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Re: [OT] EE, Re: Tangentially: on Canonical being a great company?

On Thu, Mar 14, 2019 at 11:19:35AM -0400, deb wrote:
> I guess I do not see Microsoft doing this less in 2019.
> It just has changed from one product [WordPro, Lotus 1-2-3; Spinrite; dBase
> Netscape] to entire infrastructures.
> e.g.
> Microsoft is "open sourcing" Windows Calculator and inviting open source
> developers (for free)  to:
>  * improve the tool
>  * "Learn the Microsoft development Way".
That is not "embrace, extend, extinguish."  However, it is an effort to
gain "mindshare."  They are two very different things.

Besides, there are plenty of examples of open source products which are
primarily or solely developed by a company with minimal or no
contributions from outside developers.

People are individually free to take up Microsoft's invitation or not,
as they so desire.

> BUT THEY WILL STILL MAKE Money on Windows 10 that uses calculator.
You keep bringing this up, but without explaining why it matters.
Seriously, so what?  I've made contributions to open source projects
that have gone on to be incorporated into products which a company then
sold for profit (while also complying with the terms of the open source
license in question).  I knew that was a possibility up front and was
perfectly fine with it.  So again, what does it matter if MS makes money
from the work that someone does and contributes to an open source

Besides, calculator is not the first or only example.  In fact, all the
way back to the FTP client and TCP stack that were originally included
in Windows, Microsoft has leveraged open source, as have many others in
the industry.  There may even be examples that predate those of which I
am not aware.

There are plenty of reasons to dislike Microsoft, but "makes use of open
source software under the terms of the license" is hardly one of those

> Microsoft buys their way into Linux Foundation as "advisors". Into
> Canonical, etc.  When they pay their million dollar fees; they exercise much
> more influence on Linux than a company calling "Linux a Cancer" should.
That is a matter of opinion, though I agree with yours in this case.

Though, I don't know why so much is made about the Linux Foundation.  It
is not a charitable organization (like SPI, for instance).  It is a US
501(c)(6) organization, that is to say a trade group.  It exists to
promote the interests of its members.  Oracle, AT&T, and Cisco are also
members, and I would put Microsft in the same category with them.

In that sense, Linux Foundation is no different than CompTIA, CTIA, BSA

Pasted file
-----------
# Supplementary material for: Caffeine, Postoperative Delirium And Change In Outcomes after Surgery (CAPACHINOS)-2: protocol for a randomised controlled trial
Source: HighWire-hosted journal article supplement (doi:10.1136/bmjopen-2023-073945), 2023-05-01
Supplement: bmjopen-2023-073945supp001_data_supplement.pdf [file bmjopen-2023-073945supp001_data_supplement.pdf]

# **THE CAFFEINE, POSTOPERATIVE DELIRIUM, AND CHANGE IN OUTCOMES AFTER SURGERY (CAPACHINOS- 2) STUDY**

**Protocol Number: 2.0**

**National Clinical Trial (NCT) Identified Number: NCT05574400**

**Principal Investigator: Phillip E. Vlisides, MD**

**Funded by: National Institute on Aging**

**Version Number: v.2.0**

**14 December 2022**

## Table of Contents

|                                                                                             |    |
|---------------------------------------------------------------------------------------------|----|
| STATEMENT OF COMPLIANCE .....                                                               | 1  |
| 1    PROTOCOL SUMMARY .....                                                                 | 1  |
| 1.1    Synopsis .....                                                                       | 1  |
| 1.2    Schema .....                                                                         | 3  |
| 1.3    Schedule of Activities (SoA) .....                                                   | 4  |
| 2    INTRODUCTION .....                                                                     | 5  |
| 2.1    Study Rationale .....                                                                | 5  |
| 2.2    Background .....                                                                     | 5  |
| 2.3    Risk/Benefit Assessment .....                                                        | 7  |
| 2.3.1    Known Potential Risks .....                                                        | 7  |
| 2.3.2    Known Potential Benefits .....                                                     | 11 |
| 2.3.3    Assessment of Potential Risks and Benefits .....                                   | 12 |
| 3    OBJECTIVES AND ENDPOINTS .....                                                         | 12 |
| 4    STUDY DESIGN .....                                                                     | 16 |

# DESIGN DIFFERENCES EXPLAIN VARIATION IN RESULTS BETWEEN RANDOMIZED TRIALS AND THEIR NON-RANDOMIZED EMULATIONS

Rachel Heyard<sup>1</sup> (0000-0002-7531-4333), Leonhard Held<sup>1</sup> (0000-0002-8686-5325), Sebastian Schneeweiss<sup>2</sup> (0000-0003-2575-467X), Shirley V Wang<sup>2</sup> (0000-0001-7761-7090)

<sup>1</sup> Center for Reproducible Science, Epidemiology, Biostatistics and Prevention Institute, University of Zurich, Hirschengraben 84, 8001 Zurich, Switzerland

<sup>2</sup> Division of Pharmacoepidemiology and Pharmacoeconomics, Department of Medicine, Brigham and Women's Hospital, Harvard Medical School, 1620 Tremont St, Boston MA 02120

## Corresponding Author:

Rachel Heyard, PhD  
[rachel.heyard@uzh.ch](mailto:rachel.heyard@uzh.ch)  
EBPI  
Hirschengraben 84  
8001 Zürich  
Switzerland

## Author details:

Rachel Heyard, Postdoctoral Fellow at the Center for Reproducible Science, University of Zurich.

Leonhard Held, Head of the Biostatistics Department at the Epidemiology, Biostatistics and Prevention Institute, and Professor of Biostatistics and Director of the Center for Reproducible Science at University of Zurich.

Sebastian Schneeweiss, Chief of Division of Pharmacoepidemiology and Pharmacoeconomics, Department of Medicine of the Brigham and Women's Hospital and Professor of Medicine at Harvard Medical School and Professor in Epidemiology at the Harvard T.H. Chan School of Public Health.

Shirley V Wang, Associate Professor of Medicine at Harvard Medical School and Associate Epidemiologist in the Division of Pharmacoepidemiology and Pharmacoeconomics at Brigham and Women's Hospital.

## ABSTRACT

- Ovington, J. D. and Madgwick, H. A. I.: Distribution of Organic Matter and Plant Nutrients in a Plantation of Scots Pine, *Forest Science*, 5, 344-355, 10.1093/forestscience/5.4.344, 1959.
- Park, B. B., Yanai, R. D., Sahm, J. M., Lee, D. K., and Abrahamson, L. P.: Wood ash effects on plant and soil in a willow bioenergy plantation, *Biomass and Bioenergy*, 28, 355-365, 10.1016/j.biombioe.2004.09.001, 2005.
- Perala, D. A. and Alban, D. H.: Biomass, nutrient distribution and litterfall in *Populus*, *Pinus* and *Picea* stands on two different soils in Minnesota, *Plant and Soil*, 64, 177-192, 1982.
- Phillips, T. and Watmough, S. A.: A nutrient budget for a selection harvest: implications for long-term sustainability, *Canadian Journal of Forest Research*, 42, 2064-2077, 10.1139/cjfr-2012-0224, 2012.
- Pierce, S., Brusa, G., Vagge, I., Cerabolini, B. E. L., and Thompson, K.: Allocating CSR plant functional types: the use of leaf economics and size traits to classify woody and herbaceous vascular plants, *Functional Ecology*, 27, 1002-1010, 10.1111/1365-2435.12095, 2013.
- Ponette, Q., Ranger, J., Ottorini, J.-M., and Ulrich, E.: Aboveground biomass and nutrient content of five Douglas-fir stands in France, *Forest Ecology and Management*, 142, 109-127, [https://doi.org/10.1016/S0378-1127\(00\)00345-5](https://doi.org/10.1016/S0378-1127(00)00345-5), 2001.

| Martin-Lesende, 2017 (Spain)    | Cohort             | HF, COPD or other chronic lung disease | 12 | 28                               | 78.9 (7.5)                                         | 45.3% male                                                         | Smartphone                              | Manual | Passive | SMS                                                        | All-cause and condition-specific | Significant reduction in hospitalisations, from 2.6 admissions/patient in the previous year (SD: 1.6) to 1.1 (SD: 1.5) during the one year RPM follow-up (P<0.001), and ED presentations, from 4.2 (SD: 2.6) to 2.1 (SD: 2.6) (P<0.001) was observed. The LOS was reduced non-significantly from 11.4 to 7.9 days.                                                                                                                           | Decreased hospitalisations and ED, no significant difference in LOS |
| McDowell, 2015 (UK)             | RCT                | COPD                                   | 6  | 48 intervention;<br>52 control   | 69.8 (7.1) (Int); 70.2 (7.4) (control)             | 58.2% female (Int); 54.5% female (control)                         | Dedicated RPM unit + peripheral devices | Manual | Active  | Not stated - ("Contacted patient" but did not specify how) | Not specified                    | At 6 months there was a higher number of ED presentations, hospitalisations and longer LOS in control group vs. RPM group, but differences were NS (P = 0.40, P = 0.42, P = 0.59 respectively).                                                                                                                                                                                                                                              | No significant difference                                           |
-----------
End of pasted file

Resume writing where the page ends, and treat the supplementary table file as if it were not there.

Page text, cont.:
(Business Software Alliance), MPAA, or RIAA.

You mention Microsoft's influence on Linux, but it is not clear if you
mean Linux in the precise sense of the Linux kernel, Linux in the sense
of the family of software distributions based upon Linux, or the broader
free and open source software community.  That said, regardless of how
much money Microsoft pays for membership in various organizations, its
size and place in the technology industry means that it exerts
tremendous influence on Linux the kernel, Linux the collection of
distributions, and the broader free and open source community.

For example, if Microsoft implements a security feature, then it may
well influence the implementation of a comparable feature in the Linux
kernel or in the distributions.  Projects like Samba and Wine feel some
form of pressure whenever Microsoft changes something in Windows.
Developments in MS Office affect LibreOffice and OpenOffice.org

Perhaps your concern with Microsoft being a Linux Foundation member has
to do with their ability to influence the direction or specific aspects
of development of the Linux kernel.  I doubt that Linus Torvalds is the
sort of person who could be easily swayed by that type of influence.

> An while Microsoft has opened all of their patents to Linux; they are STILL
> suing companies using Linux (and Android) through proxy companies; claiming 
> payments are still due on these patents.
> I think that Microsoft is just playing the open source community; until
> Microsoft can control that too.
If you think that Microsoft has a chance of "controlling*" the open
source community, then you fundamentally misunderstand the enthusiast
aspect of open source development.  I mean, we have X.org, MariaDB,
LibreOffice, gcc, and many others as a direct result of some form of
resistance against some party or another attempting to exert "control."



* As I mentioned previously, Microsoft, by its nature, influences the
  open source community with its development and marketing decisions;
  however, control of the open source community in the sense of
  directing the outcomes of projects is simply not achievable on a
  meaningful scale

Roberto C. Sánchez